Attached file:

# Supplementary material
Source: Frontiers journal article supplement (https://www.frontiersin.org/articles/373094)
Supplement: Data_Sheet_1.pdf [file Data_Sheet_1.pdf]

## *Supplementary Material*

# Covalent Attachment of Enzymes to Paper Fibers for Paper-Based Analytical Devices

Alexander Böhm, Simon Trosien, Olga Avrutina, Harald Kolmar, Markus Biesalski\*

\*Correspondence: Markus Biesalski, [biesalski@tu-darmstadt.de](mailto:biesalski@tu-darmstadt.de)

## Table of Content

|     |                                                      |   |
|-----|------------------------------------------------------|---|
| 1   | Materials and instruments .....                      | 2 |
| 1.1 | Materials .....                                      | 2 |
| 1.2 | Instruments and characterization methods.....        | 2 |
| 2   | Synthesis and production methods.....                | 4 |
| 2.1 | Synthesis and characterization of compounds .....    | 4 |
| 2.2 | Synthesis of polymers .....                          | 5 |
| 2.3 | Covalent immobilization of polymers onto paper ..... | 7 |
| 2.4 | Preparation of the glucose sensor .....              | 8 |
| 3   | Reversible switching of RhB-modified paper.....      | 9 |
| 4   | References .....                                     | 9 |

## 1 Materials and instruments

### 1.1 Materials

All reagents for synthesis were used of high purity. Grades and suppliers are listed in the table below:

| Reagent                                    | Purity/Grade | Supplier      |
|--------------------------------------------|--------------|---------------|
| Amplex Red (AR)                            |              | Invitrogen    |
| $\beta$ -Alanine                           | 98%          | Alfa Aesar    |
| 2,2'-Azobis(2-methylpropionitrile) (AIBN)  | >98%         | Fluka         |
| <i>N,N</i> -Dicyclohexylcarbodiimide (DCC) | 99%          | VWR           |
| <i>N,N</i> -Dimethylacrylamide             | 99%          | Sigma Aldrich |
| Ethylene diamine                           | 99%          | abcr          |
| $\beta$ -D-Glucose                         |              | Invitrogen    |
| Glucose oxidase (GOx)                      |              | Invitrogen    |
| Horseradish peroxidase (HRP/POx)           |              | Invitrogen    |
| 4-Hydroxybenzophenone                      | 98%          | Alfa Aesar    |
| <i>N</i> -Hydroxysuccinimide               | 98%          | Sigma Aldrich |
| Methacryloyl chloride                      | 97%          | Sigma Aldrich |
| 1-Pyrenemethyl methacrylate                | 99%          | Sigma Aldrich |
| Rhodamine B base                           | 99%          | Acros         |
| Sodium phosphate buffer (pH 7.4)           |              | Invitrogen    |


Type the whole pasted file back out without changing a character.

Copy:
# Supplementary material
Source: Frontiers journal article supplement (https://www.frontiersin.org/articles/373094)
Supplement: Data_Sheet_1.pdf [file Data_Sheet_1.pdf]

## *Supplementary Material*

# Covalent Attachment of Enzymes to Paper Fibers for Paper-Based Analytical Devices

Alexander Böhm, Simon Trosien, Olga Avrutina, Harald Kolmar, Markus Biesalski\*

\*Correspondence: Markus Biesalski, [biesalski@tu-darmstadt.de](mailto:biesalski@tu-darmstadt.de)

## Table of Content

|     |                                                      |   |
|-----|------------------------------------------------------|---|
| 1   | Materials and instruments .....                      | 2 |
| 1.1 | Materials .....                                      | 2 |
| 1.2 | Instruments and characterization methods.....        | 2 |
| 2   | Synthesis and production methods.....                | 4 |
| 2.1 | Synthesis and characterization of compounds .....    | 4 |
| 2.2 | Synthesis of polymers .....                          | 5 |
| 2.3 | Covalent immobilization of polymers onto paper ..... | 7 |
| 2.4 | Preparation of the glucose sensor .....              | 8 |
| 3   | Reversible switching of RhB-modified paper.....      | 9 |
| 4   | References .....                                     | 9 |

## 1 Materials and instruments

### 1.1 Materials

All reagents for synthesis were used of high purity. Grades and suppliers are listed in the table below:

| Reagent                                    | Purity/Grade | Supplier      |
|--------------------------------------------|--------------|---------------|
| Amplex Red (AR)                            |              | Invitrogen    |
| $\beta$ -Alanine                           | 98%          | Alfa Aesar    |
| 2,2'-Azobis(2-methylpropionitrile) (AIBN)  | >98%         | Fluka         |
| <i>N,N</i> -Dicyclohexylcarbodiimide (DCC) | 99%          | VWR           |
| <i>N,N</i> -Dimethylacrylamide             | 99%          | Sigma Aldrich |
| Ethylene diamine                           | 99%          | abcr          |
| $\beta$ -D-Glucose                         |              | Invitrogen    |
| Glucose oxidase (GOx)                      |              | Invitrogen    |
| Horseradish peroxidase (HRP/POx)           |              | Invitrogen    |
| 4-Hydroxybenzophenone                      | 98%          | Alfa Aesar    |
| <i>N</i> -Hydroxysuccinimide               | 98%          | Sigma Aldrich |
| Methacryloyl chloride                      | 97%          | Sigma Aldrich |
| 1-Pyrenemethyl methacrylate                | 99%          | Sigma Aldrich |
| Rhodamine B base                           | 99%          | Acros         |
| Sodium phosphate buffer (pH 7.4)           |              | Invitrogen    |